NetBeans Weekly News (Issue 379 - Feb 16, 2009)
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The JavaFX SDK 1.1 brings JavaFX applications to mobile devices. The
SDK now supports JavaFX Mobile and includes a Mobile Emulator. The
NetBeans IDE is the recommended development environment for JavaFX.
Download the NetBeans IDE for JavaFX today and experience JavaFX Mobile
(If you already have the NetBeans IDE 6.5 installed, add JavaFX 1.1 using the IDE's Update Center. In the IDE, navigate to Tools -> Plugins and select the checkboxes under the JavaFX category.)
For more information:
- NetBeans IDE for JavaFX - Features
- NetBeans IDE for JavaFX - Documentation
- Visit JavaFX.com for tutorials and sample applications
With many new features and bug fixes, the Portal Pack 3.0 makes portlet development easier than before. The release is also compatible with NetBeans 6.5 IDE. Learn more here and check out this quick start guide for using the Portal Pack 3.0 plugins in NetBeans.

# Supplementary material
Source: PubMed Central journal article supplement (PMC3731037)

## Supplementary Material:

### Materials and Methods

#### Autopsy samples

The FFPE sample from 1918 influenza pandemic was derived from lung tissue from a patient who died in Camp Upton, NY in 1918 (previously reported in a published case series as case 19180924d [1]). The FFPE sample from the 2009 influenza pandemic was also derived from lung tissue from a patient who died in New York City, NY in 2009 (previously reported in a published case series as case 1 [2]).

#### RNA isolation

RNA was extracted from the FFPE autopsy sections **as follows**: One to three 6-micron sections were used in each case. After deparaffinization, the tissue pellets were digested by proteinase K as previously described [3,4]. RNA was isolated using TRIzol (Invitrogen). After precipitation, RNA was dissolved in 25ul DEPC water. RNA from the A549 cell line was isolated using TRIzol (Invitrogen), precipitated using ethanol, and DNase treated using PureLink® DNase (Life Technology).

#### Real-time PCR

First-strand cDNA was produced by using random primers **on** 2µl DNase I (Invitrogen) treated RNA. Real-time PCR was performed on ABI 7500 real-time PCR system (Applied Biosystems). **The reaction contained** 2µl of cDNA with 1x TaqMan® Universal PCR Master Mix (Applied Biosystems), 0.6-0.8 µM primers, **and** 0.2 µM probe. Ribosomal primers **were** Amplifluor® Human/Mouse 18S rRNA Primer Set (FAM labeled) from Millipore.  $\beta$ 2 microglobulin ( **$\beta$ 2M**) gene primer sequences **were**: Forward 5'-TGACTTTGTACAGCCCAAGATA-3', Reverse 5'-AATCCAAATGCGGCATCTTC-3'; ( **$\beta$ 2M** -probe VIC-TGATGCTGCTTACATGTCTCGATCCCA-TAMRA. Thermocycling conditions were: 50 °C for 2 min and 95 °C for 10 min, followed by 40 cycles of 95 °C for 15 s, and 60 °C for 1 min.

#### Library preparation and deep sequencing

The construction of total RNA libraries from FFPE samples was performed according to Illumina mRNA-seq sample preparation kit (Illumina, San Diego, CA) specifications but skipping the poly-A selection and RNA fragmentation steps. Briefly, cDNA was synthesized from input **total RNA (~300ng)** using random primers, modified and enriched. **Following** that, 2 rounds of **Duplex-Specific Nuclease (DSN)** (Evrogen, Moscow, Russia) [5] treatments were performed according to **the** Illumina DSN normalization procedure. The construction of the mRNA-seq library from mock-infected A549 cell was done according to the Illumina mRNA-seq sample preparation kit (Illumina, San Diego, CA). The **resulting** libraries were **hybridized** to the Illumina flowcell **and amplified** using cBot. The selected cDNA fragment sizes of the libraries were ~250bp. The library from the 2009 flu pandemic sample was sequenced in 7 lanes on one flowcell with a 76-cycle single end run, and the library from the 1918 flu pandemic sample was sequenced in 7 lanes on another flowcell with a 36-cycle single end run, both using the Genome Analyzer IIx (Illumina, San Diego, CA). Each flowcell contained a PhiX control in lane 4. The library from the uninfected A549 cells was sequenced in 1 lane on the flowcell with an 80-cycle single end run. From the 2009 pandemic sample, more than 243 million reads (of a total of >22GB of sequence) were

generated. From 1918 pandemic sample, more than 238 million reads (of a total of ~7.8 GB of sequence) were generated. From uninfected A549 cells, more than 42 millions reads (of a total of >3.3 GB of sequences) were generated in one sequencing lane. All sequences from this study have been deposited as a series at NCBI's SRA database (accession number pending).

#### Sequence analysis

The NetBeans Governance Board nomination period has ended and here are the final nominees:
- Toni Epple
- Ryan de Laplante
- Fabrizio Giudici
- Tonny Kohar
- Kristian Rink
- Tom Wheeler
Developer Bruce Hopkins walks you through three source-code samples to demonstrate JavaFX's usefulness to Java ME developers creating apps for mobile devices. Developers can call methods on objects and instantiate objects within libraries that already exist in Java ME and Java SE -- in this case, the APIs in JSRs 82, 135, and 180. Plus, JavaFX lets you bind the value of an object to another variable.
Learn to create a fully-functioning desktop database application, which includes connected database tables, separate entry screens, search, and other features.
In this article from Groovy Zone, read about a framework based on the NetBeans Platform that allows you to develop modular Groovy applications.
Developer Caoyuan Deng is re-writing the Erlang plugin for NetBeans, in Scala, based on new Parsing API and CSL(common scripting language) framework. As a result of this project, he has started a series of blog articles about how to write language support for NetBeans.
Antonio Viero's four blog entries offer a quick introduction to the NetBeans Lookup Library. Learn how to add to NetBeans Lookups, to create Lookup objects, to use the NetBeans Lookup API to add functionality to existing objects, and to detect changes in Lookup objects at runtime.
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